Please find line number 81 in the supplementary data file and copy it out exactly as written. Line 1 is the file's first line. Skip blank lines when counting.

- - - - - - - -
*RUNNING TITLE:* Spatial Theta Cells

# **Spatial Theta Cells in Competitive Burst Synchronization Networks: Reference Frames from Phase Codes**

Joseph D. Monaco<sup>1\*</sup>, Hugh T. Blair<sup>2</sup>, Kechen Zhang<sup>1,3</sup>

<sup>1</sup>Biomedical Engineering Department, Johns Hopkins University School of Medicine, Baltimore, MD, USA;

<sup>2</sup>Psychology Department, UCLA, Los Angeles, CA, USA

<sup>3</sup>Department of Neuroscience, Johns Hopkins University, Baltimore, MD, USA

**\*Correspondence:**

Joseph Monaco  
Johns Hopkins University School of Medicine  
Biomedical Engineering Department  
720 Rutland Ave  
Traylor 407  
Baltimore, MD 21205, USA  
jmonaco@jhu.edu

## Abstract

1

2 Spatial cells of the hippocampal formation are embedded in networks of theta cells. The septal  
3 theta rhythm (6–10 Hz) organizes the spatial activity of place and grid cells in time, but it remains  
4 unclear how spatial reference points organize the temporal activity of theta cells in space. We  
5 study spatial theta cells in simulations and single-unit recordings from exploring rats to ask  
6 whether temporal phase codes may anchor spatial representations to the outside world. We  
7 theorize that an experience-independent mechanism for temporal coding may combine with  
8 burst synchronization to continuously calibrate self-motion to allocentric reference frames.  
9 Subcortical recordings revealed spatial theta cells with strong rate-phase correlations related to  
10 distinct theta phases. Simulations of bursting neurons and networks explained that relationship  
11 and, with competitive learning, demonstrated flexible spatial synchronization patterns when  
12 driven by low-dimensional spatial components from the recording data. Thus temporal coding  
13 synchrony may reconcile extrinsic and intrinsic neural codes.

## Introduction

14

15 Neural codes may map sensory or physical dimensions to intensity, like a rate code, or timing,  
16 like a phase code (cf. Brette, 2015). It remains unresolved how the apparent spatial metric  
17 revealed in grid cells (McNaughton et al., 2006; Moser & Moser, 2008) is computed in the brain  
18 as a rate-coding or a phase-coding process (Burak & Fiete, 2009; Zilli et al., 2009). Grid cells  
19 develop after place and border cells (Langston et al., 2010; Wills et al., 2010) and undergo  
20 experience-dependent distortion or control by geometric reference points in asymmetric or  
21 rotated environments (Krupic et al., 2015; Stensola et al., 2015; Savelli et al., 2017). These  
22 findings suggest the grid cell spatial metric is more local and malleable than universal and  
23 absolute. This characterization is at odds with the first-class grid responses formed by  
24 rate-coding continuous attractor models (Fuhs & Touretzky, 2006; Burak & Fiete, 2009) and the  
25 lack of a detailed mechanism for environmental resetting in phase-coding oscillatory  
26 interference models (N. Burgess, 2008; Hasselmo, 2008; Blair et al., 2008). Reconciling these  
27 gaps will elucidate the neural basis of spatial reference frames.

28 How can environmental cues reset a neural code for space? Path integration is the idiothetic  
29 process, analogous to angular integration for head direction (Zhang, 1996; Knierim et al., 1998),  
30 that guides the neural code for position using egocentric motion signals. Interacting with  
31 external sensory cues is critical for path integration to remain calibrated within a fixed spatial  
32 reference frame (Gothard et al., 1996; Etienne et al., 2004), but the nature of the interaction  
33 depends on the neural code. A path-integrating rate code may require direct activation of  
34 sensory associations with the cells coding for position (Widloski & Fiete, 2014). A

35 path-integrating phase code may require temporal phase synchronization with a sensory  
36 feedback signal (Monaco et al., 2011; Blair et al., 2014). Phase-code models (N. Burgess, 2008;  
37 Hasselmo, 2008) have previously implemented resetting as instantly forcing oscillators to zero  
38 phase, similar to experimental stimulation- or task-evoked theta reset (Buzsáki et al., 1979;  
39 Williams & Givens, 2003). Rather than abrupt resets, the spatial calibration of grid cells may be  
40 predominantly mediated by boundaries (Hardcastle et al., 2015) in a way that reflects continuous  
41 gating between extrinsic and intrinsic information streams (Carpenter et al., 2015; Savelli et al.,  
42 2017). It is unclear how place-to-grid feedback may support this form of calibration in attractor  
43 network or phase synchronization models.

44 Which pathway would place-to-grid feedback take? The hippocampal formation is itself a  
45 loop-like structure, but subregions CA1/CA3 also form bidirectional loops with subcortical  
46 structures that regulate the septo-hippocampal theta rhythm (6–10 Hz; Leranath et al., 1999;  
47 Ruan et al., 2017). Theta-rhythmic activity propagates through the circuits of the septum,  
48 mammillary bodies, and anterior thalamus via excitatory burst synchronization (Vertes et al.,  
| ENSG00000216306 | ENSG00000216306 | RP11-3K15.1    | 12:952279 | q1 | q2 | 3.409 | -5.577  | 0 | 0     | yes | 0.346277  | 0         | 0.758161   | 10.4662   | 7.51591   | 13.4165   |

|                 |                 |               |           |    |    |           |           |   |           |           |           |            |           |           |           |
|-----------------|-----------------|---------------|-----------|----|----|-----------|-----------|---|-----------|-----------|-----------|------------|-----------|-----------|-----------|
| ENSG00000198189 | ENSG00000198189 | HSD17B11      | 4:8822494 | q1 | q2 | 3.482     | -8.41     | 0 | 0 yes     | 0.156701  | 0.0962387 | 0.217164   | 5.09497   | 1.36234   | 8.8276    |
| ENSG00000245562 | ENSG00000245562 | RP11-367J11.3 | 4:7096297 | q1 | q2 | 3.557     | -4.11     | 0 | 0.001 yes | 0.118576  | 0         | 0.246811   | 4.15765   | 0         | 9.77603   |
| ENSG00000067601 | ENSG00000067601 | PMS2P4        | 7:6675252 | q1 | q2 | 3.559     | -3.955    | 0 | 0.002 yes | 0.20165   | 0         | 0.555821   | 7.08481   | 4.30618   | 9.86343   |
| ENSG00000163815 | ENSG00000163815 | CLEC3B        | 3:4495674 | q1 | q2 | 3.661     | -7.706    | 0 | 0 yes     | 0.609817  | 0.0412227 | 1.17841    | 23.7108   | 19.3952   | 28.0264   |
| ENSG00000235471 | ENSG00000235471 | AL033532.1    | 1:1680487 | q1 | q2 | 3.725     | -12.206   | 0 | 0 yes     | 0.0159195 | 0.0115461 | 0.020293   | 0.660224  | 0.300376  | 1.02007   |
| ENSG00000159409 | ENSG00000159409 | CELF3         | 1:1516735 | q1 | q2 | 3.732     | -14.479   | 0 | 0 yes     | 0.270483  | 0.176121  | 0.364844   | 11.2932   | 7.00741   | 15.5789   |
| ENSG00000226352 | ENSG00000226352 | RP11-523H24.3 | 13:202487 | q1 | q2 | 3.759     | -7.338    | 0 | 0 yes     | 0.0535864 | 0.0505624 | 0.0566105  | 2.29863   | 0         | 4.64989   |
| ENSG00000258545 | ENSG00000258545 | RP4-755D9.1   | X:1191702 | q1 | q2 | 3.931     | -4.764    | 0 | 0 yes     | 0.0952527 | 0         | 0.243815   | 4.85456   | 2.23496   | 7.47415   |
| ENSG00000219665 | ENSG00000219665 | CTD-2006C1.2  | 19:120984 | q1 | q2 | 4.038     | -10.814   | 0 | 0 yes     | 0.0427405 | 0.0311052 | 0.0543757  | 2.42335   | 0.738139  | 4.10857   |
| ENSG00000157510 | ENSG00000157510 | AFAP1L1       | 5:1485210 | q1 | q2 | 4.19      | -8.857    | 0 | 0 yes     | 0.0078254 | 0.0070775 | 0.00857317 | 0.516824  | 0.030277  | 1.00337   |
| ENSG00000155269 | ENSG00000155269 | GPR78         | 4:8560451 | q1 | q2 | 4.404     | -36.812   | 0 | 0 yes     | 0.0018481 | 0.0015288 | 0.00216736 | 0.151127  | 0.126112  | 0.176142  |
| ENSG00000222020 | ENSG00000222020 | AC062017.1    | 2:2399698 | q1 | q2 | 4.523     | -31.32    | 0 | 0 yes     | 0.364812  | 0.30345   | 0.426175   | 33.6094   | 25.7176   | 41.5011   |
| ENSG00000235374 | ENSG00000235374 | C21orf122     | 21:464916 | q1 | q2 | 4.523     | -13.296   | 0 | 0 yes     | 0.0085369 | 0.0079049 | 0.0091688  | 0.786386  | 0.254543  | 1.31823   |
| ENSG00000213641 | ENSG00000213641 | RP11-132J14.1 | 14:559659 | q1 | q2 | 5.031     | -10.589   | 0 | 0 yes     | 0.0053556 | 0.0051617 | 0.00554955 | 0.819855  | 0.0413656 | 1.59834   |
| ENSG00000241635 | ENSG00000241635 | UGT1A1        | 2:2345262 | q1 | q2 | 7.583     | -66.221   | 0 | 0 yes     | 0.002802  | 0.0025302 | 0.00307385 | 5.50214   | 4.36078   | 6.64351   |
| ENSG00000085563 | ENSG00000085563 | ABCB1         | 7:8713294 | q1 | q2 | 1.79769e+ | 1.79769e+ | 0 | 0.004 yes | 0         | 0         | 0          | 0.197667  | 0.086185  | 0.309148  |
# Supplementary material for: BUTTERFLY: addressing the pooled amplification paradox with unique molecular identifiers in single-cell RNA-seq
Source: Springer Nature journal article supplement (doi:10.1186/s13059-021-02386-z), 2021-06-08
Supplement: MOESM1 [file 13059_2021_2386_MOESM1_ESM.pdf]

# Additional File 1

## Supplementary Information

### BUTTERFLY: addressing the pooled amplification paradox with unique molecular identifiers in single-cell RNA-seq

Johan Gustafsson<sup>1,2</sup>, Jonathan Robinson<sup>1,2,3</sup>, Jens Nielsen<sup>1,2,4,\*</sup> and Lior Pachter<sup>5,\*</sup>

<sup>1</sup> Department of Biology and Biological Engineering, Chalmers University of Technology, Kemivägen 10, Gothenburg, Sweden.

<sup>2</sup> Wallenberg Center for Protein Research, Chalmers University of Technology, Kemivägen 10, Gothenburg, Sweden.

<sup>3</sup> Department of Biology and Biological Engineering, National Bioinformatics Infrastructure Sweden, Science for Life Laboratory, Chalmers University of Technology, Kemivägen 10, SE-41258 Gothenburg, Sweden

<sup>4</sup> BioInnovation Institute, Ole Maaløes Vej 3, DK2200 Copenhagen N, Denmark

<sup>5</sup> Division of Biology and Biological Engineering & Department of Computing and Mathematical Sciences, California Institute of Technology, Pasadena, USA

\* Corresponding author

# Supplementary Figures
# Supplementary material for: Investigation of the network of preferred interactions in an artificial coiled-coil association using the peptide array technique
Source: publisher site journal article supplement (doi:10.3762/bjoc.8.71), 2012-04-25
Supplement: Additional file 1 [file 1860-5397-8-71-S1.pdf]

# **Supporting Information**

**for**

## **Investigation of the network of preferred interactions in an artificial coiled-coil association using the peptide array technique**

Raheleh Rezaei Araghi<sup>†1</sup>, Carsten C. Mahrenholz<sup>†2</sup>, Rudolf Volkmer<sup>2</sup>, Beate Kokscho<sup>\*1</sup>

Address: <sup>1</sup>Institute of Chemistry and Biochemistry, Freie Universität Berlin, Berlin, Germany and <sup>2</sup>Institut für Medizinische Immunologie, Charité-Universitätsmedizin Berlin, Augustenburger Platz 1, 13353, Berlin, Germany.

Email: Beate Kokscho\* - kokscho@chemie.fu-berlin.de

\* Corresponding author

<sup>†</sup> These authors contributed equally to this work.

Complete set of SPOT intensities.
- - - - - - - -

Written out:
| ENSG00000213641 | ENSG00000213641 | RP11-132J14.1 | 14:559659 | q1 | q2 | 5.031     | -10.589   | 0 | 0 yes     | 0.0053556 | 0.0051617 | 0.00554955 | 0.819855  | 0.0413656 | 1.59834   |